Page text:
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Robin Tech diskutiert im zweiten Teil seiner Startup & Tech Trends 2017 die Anwendungen von Augmented und Virtual Reality in den Bereichen Gaming, Pornographie, Maschinenwartung, Einkauf und Mensch-Maschine-Interaktion. Lesen Sie in diesem Text seine Einschätzungen zu den technologischen Möglichkeiten und Entwicklungen, die unsere Leben vielleicht besser machen und auf jeden Fall beeinflussen werden.

Deutsche Zusammenfassung: Der Hype um die Augmented Reality (AR) Monster von Pokemon ist zwar wieder vorüber; und auch bleiben die Verkaufszahlen von Virtual Reality (VR) Headsets hinter manchen Erwartungen zurück. Doch die Anzahl und Höhe von Investitionen in AR & VR Startups steigt ungebrochen. Robin Tech stellt den aktuellen Stand der Entwicklungen dar und diskutiert welche relevanten Anwendungen den Weg für ein Massenphänomen ebnen könnten. Dazu gehören die Wartung von Maschinen durch Laien und Mensch-Maschine- Interaktion, die aufgrund stetig steigender Komplexität bald nur noch durch einen Mix an Interaktionstechnologien möglich sein wird.

Augmented and virtual reality (AR & VR) devices have seen a year of broad media coverage – including an avalanche of videos showing people falling over because they forget that their bodies remain in the real world while their minds wander off to distant planets, skydiving adventures, or horror movies . There are multiple obvious applications that are also easy to implement. These low hanging fruits include gaming, pornography, and media consumption in general.

Last year, Pokemon Go took the world by storm by enabling ordinary smartphones to act as augmented reality devices, beaming little monsters onto your desk, lawn, or toilet bowl. The still bulky headsets required for virtual reality are much more intrusive and difficult to use. Headsets such as HTC’s Vive and Facebook’s Oculus Rift saw dropping sales volumes after a short-lived hype. Prices were dropped recently, and it remains to be seen if we indeed face a mass market application or rather a niche phenomenon. Startup investors – who are usually ahead of the curve – recently increased their spendings in this sector. In 2016, we saw 30% more venture capital deals and a 58% increase in deal size compared to the previous year (Dawson, 2017). I have no doubt that these numbers will be similar in 2017, as content production is still lagging behind and more and more possible applications are being tested by startups and large corporations alike.

What’s interesting is that applications that actually solve a problem are becoming more wide-spread. Rather than just notch up consumers’ level of convenience or entertainment, B2B focused AR and VR products can have a tremendous impact on industry processes. Startups such as Daqri build headsets that allow technicians to do maintenance work on complex machines without having in detail knowledge of it. Instead, computer programs and experts can remotely connect to the headset and instruct the worker. Another application is in the healthcare sector. AR/VR technology can help those who might not be able to visit certain places (anymore). But it can also alleviate trauma and shock by letting patients temporarily escape into virtual worlds. Companies like HappyMed work on devices that reduce stress during operations or recovery, though with a purely video-based solution so far. My suggestion is to look out for use cases that go beyond mere entertainment, and to think about processes that are done in a way that is not necessarily the best way. Think navigation when you cannot use your hands, think video conferences that are as immersive as actually being there, think online shopping that let’s you try on clothes or offline shopping with stores that only display what you are interested in, think education and teaching, think human-machine-interaction in general. Computer systems become increasingly complex to handle and interact with. This quite necessarily requires novel ways of interaction. I suspect that we will see a combination of various technologies ranging from speech recognition and natural language processing, augmented realities featuring lifelike avatars, and virtual realities that allow for an immersive and therefore highly efficient operation of machines. In short, AR and VR applications that will define the way we interact with technology in 2017 and beyond. Those applications that enable humans and that significantly reduce costs, because they help to overcome essential challenges will be the ones that pave the way for a wide-spread adoption of AR and VR technologies.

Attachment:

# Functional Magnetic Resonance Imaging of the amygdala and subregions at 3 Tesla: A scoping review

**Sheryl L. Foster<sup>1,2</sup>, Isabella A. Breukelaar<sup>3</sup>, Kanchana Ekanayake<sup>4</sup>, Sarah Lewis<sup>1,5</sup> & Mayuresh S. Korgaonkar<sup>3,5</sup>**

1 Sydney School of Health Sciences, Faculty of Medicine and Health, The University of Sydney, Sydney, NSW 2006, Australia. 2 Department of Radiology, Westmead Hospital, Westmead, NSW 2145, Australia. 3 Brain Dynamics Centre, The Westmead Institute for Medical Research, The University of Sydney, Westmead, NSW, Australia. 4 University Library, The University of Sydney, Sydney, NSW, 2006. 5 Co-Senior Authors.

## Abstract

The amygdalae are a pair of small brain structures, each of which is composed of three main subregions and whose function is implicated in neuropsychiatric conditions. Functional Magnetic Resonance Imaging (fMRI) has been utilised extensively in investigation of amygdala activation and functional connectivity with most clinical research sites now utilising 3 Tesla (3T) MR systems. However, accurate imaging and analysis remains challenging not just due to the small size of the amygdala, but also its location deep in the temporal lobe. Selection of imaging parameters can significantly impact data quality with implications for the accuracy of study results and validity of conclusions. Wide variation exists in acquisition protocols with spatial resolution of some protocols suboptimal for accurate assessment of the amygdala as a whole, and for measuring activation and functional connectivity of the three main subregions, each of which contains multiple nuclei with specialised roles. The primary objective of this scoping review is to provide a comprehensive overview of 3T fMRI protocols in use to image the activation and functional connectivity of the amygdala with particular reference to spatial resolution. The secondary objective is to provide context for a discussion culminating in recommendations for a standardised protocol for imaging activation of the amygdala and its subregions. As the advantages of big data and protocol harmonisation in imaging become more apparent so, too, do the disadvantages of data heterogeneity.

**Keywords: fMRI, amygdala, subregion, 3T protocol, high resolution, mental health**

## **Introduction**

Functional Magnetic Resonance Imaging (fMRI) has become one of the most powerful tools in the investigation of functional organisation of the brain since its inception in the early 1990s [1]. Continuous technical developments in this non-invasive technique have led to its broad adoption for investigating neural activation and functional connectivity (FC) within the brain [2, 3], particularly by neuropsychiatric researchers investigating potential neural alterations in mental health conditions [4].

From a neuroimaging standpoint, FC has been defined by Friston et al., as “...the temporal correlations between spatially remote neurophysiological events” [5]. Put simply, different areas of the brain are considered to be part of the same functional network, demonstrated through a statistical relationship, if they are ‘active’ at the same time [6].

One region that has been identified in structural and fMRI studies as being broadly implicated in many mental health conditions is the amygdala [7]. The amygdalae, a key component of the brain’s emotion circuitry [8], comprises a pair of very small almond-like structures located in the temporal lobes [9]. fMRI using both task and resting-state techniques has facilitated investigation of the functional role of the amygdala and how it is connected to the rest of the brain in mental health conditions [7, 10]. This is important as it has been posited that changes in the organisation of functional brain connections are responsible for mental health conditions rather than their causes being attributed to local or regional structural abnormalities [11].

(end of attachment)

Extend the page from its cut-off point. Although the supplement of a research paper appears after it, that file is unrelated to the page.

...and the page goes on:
In my next blog posts, I’ll talk about smart homes that finally make sense and and how they are (sometimes) not so smart, gene analysis and editing technologies that raise much more than ethical questions, and space flight.

Dieser Beitrag ist Teil der regelmäßig erscheinenden Blogartikel der Doktoranden des Alexander von Humboldt Institut für Internet und Gesellschaft. Er spiegelt weder notwendigerweise noch ausschließlich die Meinung des Institutes wider. Für mehr Informationen zu den Inhalten dieser Beiträge und den assoziierten Forschungsprojekten kontaktieren Sie bitte info@hiig.de.

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Robin P. G. Tech

Ehem. Projektleiter: IoT & eGovernment
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